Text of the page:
One of our biggest compliments to this quad is how useful it is in a working environment. There are steel cargo racks on the front and rear of the machine that can hold a combined weight of 199 pounds. There is a DC outlet on the front plastic by the gas tank for your charging needs and a small storage box on the front fender. We wish that there was a larger cargo box designed into the plastic for storing tools and other trail items. The hauling capacity of the Honda is 850 pounds, but it does not come with a hitch reciever. Now that the nitty-gritty details of the machine are laid out, we can move onto the test!

On the right handlebar you can change the transmission shift mode from automatic to manual. 

RIDE TIME

The first impressions of swinging a leg over the Rincon is that it has a comfortable riding position. The seat is supple, and the handlebar is at a good height with a turning-worthy sweep. The thumb throttle and brake levers are ergonomic and easy to use. The gear shifter, two- and four-wheel-drive switch and shifting mode switch are easy to reach without removing your hands from the grips.

In the power department, the Rincon goes through its three gears quickly with a decent amount of torque to a top speed of 65 miles per hour. The ability to downshift the transmission provides a strong version of engine braking. The powerplant isn’t the sprightliest of its class, but it has plenty of boost to handle workloads and have fun on trails.

On the left handlebar you can change the gears of the Honda via push buttons. Below the handlebar by the steering column you can change the main transmission gear from forward to neutral or reverse.

The only downside to the transmission is while it is in automatic shifting mode. At times, the computer shifts gears too late and too early at other times. Once you put the trans in manual shift mode, you get away from the occasional shifting surprise, and being able to shift gears brings a level of fun that the other quads in its class don’t have.

You can get the Rincon in your choice of red or Phantom Camo for a retail price of $9399.

The braking system on the Honda is operated by separate levers for the fronts and the rear, along with a rear foot-actuated brake pedal. The front brakes are hydraulic disc with a single hydraulic disc brake in the rear. The system slows the machine down quite well, and we enjoy the fact that it doesn’t have a single lever that actuates both the front and rear.

The front shocks boast 6.9 inches of travel out of a dual-A-arm-type suspension. Unfortunately, the shocks are not adjustable.

Tackling rough terrain is pretty easy on this machine. The suspension is firm and can tackle hard hits, yet we wish Honda would put adjustable shocks on the Rincon. The rear independent suspension provides a supple ride over chop and in rocky or rutted terrain. Cornering is one of the aspects of the Rincon that could use some help. The machine feels tippy in turns due to its tall seat height and narrow track width. The lack of electronic power steering could attribute to how much the handlebars seem to wander at higher speeds, and it would also help with slow-speed crawling and turning. When operating the Honda in 4×4 mode, you don’t feel much of any difference in the steering system, and the 4×4 mode works quite well. We would like to see a front differential lock on this machine in the future, though.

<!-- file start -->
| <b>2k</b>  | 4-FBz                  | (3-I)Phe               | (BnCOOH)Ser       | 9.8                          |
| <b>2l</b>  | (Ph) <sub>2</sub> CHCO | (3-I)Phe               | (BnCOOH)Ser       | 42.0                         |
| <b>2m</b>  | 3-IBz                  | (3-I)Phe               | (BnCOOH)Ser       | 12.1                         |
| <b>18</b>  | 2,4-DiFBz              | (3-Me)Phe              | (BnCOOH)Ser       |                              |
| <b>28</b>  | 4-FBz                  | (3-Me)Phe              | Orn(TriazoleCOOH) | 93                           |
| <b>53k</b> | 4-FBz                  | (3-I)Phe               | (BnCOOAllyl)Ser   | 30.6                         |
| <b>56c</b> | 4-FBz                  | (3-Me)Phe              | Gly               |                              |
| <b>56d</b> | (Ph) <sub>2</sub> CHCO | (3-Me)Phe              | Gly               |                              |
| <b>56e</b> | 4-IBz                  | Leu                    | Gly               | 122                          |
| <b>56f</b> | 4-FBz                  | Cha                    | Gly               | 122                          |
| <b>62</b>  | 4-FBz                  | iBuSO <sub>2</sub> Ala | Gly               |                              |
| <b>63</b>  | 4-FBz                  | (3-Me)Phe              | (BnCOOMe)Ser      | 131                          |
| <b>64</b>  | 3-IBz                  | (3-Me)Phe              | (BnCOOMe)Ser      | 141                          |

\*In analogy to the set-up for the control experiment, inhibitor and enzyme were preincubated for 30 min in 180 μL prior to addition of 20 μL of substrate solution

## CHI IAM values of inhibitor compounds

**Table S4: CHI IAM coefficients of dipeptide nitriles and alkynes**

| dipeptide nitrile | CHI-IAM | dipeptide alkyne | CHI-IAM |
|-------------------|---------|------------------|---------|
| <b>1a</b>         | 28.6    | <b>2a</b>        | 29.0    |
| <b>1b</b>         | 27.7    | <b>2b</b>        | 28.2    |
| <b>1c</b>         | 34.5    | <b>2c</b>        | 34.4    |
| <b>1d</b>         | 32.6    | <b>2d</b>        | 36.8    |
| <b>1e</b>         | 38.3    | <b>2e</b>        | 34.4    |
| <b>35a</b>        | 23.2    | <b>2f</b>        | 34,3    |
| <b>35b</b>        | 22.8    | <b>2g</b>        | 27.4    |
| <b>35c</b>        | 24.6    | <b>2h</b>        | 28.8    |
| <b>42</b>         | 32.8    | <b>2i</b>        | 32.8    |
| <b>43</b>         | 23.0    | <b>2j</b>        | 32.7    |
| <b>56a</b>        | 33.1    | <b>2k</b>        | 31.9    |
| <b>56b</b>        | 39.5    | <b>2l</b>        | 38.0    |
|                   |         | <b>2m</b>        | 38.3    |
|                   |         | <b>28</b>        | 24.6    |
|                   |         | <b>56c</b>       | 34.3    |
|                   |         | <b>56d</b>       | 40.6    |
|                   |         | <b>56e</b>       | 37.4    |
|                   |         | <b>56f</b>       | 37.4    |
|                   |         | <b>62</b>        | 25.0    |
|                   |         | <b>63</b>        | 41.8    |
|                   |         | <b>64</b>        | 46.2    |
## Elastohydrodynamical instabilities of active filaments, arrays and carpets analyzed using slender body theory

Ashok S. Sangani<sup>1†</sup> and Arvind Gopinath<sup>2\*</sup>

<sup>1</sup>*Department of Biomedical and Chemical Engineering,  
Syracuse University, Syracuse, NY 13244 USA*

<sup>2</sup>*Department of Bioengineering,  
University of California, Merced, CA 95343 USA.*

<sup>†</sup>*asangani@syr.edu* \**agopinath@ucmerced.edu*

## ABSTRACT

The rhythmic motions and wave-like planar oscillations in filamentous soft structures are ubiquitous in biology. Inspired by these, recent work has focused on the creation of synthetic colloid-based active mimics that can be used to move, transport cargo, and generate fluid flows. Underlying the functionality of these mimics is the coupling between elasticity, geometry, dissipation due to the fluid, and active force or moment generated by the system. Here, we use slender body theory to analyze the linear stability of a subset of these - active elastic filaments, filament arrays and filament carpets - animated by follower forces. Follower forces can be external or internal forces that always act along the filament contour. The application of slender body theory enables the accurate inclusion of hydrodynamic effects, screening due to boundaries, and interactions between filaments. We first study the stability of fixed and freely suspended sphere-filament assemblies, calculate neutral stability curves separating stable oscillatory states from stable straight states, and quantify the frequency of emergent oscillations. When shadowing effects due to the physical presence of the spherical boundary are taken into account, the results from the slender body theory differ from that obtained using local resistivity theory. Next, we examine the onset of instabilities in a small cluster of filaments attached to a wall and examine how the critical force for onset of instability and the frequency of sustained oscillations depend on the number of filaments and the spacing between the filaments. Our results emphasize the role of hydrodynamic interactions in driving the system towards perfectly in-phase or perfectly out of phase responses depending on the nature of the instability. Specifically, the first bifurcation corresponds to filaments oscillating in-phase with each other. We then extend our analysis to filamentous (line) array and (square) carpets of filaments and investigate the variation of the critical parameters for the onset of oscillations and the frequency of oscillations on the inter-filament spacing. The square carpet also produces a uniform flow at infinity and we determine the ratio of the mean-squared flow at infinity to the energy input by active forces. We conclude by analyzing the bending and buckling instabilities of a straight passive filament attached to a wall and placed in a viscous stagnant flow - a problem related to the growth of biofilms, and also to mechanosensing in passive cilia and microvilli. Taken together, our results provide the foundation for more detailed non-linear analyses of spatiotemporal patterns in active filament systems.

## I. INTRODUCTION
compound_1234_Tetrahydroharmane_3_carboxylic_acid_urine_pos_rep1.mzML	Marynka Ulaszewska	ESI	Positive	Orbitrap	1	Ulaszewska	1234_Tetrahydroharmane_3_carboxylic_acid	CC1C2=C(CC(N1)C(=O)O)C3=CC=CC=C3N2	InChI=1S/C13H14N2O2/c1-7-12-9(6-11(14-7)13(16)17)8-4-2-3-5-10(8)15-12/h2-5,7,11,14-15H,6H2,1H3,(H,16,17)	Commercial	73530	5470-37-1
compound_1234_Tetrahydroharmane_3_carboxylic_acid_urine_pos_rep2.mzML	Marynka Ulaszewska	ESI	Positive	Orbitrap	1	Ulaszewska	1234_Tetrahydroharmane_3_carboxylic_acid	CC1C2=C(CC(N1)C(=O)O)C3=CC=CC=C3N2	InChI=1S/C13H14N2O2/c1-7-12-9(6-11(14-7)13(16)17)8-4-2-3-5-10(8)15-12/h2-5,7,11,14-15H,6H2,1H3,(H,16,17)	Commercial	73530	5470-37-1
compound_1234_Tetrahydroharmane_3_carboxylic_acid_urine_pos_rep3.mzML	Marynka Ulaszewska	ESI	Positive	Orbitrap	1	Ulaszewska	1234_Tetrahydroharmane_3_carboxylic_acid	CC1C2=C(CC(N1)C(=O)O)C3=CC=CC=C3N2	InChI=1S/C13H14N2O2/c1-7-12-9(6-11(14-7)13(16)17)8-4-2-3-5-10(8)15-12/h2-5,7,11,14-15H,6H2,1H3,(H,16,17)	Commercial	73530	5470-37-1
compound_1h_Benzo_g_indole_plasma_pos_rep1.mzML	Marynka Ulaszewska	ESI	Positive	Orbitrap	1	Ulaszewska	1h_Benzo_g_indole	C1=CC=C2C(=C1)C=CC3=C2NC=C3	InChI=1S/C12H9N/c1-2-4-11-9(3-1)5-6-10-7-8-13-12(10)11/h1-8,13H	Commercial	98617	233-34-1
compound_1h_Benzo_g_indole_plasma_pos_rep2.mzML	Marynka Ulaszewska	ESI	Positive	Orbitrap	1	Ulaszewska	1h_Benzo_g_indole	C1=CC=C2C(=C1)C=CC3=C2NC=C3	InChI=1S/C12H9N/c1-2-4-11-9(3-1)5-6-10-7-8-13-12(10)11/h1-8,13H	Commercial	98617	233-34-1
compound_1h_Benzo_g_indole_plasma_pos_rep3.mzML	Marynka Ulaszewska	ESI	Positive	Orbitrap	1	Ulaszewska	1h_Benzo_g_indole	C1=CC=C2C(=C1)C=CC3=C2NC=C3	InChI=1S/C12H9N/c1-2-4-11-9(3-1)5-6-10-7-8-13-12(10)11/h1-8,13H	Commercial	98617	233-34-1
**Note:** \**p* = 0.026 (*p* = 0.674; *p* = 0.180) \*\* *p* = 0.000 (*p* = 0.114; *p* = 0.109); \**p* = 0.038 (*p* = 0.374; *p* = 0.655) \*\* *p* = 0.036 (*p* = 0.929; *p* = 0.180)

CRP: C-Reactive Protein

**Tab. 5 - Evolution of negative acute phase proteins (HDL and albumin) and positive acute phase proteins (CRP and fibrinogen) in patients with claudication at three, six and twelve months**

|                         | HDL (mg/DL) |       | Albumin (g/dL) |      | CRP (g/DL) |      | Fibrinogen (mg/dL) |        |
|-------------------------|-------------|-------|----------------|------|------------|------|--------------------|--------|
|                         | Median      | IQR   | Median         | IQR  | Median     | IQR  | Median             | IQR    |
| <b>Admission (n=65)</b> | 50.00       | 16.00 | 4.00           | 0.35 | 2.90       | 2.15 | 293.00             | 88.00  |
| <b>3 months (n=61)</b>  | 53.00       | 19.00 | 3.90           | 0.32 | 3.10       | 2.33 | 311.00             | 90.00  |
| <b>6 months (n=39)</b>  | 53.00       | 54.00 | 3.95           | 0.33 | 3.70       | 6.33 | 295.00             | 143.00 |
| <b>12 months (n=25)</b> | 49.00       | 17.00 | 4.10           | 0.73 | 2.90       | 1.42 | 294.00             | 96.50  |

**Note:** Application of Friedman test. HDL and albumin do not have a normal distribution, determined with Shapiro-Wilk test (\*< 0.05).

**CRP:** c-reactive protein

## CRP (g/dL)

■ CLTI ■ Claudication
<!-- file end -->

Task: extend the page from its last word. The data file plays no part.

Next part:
Honda uses a rear independent suspension setup that utilizes dual-A-arm suspension with non-adjustable shocks that provide 8 inches of wheel travel.

FINAL THOUGHTS

Honda is very well known for creating very durable and long-lasting machines for recreation and for work. The Rincon 680 sits firmly in that category, and we appreciate it for that. It is fun to pilot through the trails, and it tackles work on the ranch quite well. With all ATVs there are strong points and weak points, and we feel it might be time to teach this machine some new tricks. Electronic power steering would be a start, along with preload-adjustable shocks and a front locking differential. However, this quad has been on the market for over 10 years without much change, and that means that it performs and sells well! You can pick one up for a starting price of $9399, and it comes in red or Phantom Camo. Go to www.powersports.honda.com to check out Honda’s full lineup of ATVs and UTVs.

The stock Dunlop tires on the Honda Rincon are 25 inches tall. They have a decent bite in most types of terrain, but can be prone to getting flats.

2018 HONDA RINCON 680 4X4

Engine Single-cylinder, OHV, liquid-cooled, 4-stroke

Bore x stroke 102mm x 82.6mm

Displacement 675cc

Starter Electric w/ recoil back-up

Fuel system 40mm EFI

Fuel capacity 4.4 gal.

Transmission 3-speed automatic or push-button shift

Final drive Shaft

Suspension/wheel travel:

Front Dual A-arms w/ 6.9”

Rear Dual A-arms w/ 8”

Brakes:

Front Dual hydraulic discs

Rear Single hydraulic disc

Tires:

Front 25×8-12

Rear 25×10-12

Length/width/height 83.2”/46.8”/47.5”

Ground clearance 9.1”

Wheelbase 50.8”

Curb weight 657 lb.

Rack capacity:

Front 66 lb.

Rear 133 lb

Colors Red, Phantom Camo

Price $9399